From April 3 through April 6, 2014, at the Alexander Kasser Theater, Montclair State University’s Department of Theatre and Dance is presenting Danceworks, the annual dance program featuring works by leading contemporary choreographers performed by Theatre and Dance students.
United by the theme, “Minding the Dance,” this year’s program includes Wonderland, by Andrea Miller, choreographer and artistic director of Gallim Dance; Spatial Dialogues by Montclair State Theatre and Dance professor Nancy Lushington; Spent Days Out Yonder, a Mozart homage choreographed by Bill T. Jones; Strict Love by Doug Varone; Earl Mosley’s Oh My Love; and Sentenced to Sentences by choreographer and comedienne Claire Porter, a 2013-2014 John Simon Guggenheim Memorial Foundation Fellow.
“Porter is the first-ever Guggenheim Fellow to participate in our arts programs – or anywhere else at Montclair State,” says Theatre and Dance professor Neil Baldwin. “Her piece, Sentenced to Sentences, was commissioned by the department’s New Works Initiative.”
The NWI program, which is funded by College of the Arts Advisory Board Chairman Robert Gregory and his wife, Holly, is committed to the development and production of new original works from leading artists. “Claire Porter was selected from a field of more than 50 applicants to develop a specially commissioned piece that uses students from both theatre and dance disciplines,” explains Baldwin.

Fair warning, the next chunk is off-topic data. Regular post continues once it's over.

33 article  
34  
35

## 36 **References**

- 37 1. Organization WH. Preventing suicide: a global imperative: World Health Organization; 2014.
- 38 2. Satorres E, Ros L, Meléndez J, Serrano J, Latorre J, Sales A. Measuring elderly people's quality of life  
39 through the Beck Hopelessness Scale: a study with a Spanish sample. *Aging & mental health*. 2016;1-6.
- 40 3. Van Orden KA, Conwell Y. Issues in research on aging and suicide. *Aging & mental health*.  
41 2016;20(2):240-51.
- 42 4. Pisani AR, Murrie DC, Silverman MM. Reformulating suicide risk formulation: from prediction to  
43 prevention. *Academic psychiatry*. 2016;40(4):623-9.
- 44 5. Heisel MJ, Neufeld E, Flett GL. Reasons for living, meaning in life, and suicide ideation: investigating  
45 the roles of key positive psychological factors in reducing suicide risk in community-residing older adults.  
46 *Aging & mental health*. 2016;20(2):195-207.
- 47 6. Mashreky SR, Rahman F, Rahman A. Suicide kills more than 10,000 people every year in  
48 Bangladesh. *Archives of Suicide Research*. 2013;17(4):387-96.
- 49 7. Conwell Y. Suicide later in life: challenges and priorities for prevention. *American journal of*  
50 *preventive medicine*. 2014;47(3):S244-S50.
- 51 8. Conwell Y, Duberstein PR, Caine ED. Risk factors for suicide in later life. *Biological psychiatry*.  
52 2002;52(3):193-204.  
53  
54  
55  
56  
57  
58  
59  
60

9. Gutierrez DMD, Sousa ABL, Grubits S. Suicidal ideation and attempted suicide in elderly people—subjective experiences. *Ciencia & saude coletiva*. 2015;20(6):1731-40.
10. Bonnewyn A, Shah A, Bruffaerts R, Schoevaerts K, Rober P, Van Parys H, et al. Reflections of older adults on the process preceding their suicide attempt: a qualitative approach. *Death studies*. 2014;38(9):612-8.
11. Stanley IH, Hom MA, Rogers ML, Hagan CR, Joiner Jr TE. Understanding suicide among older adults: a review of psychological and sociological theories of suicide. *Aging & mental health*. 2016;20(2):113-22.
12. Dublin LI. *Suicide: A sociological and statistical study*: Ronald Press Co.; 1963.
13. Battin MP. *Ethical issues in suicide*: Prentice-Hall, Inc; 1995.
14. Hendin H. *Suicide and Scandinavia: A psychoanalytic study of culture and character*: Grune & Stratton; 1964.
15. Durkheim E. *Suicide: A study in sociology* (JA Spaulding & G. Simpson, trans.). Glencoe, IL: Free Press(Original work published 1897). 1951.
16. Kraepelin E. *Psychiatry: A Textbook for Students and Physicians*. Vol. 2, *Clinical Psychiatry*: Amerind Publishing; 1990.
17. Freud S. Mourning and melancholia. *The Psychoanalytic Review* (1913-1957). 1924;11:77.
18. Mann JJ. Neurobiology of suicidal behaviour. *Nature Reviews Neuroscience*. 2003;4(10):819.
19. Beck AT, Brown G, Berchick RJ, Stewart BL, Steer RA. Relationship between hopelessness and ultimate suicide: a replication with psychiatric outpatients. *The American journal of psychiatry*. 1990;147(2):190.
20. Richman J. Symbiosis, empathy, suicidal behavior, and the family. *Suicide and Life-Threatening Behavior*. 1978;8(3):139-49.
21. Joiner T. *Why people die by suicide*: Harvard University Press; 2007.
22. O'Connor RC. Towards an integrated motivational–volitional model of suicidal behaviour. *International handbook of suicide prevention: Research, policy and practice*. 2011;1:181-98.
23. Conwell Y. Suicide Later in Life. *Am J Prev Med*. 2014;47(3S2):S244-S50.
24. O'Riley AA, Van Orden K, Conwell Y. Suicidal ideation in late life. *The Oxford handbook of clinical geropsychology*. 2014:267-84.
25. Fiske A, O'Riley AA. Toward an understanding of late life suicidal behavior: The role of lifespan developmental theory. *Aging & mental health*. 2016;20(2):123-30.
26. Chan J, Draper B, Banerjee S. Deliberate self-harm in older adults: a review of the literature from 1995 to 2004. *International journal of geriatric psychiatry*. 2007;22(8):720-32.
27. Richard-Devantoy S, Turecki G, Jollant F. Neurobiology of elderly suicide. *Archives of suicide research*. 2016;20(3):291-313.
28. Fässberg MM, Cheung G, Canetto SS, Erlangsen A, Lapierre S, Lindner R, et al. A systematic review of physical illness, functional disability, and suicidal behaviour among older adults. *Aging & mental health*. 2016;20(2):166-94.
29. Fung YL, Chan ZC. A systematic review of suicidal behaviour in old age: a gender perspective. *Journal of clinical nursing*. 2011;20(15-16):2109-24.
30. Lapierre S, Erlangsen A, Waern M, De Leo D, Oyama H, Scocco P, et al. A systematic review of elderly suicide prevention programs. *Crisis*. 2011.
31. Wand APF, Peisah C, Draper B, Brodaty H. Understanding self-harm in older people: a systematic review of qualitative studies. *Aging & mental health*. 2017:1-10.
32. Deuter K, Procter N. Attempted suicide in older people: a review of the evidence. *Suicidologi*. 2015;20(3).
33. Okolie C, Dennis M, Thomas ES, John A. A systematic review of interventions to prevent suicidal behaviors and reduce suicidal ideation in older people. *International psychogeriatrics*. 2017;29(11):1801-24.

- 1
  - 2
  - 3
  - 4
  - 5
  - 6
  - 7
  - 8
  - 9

“These works are truly a hybrid of theater and dance that are developed at the University, with student dancers and actors,” Baldwin continues. “This is a very precious alliance. As a department, we really value the NWI for giving students an opportunity to engage so thoroughly in the process of creating and devising an important new work.”
With its ensemble of 12 student dancers and eight actors, Sentenced to Sentences is a truly interdisciplinary performance piece. While the work debuted at the University in October, as part of its Works-A-Foot program, University students have since performed it at the Bradford Elementary School and the Rosa Parks Community School, as well as at the 92nd Street Y in Manhattan.
Porter has regularly visited campus to work with students to develop and refine her work that is inspired by the question “what is a sentence?” “It takes months to bring a piece like this to the level of perfection we are seeking,” said Baldwin. “The students love Claire. She’s a comedic performer who doesn’t take herself too seriously – but she does take her work very seriously.”
Dancer Kim Kafka enjoyed the process of working with the celebrated choreographer. “She was able to get inspiration from us,” she says. “The piece is new every time.”
“Porter will also be doing a professional development workshop on “Integrating Text and Movement” for public school teachers through the University’s Network for Educational Renewal on May 19,” said Dance Education professor Elizabeth McPherson.
The University presented its first Danceworks program in 1987. “We present works by guest artists of great renown to give the students the opportunity to experience both historical works of great importance as well as more contemporary works,” said Theatre and Dance professor and director of Dance Lorraine Katterhenry.
Danceworks performances begin on Thursday, April 3, and run through Sunday, April 6, at the University’s Alexander Kasser Theater. Tickets are available through the University’s Peak Performances program at peakperfs.org.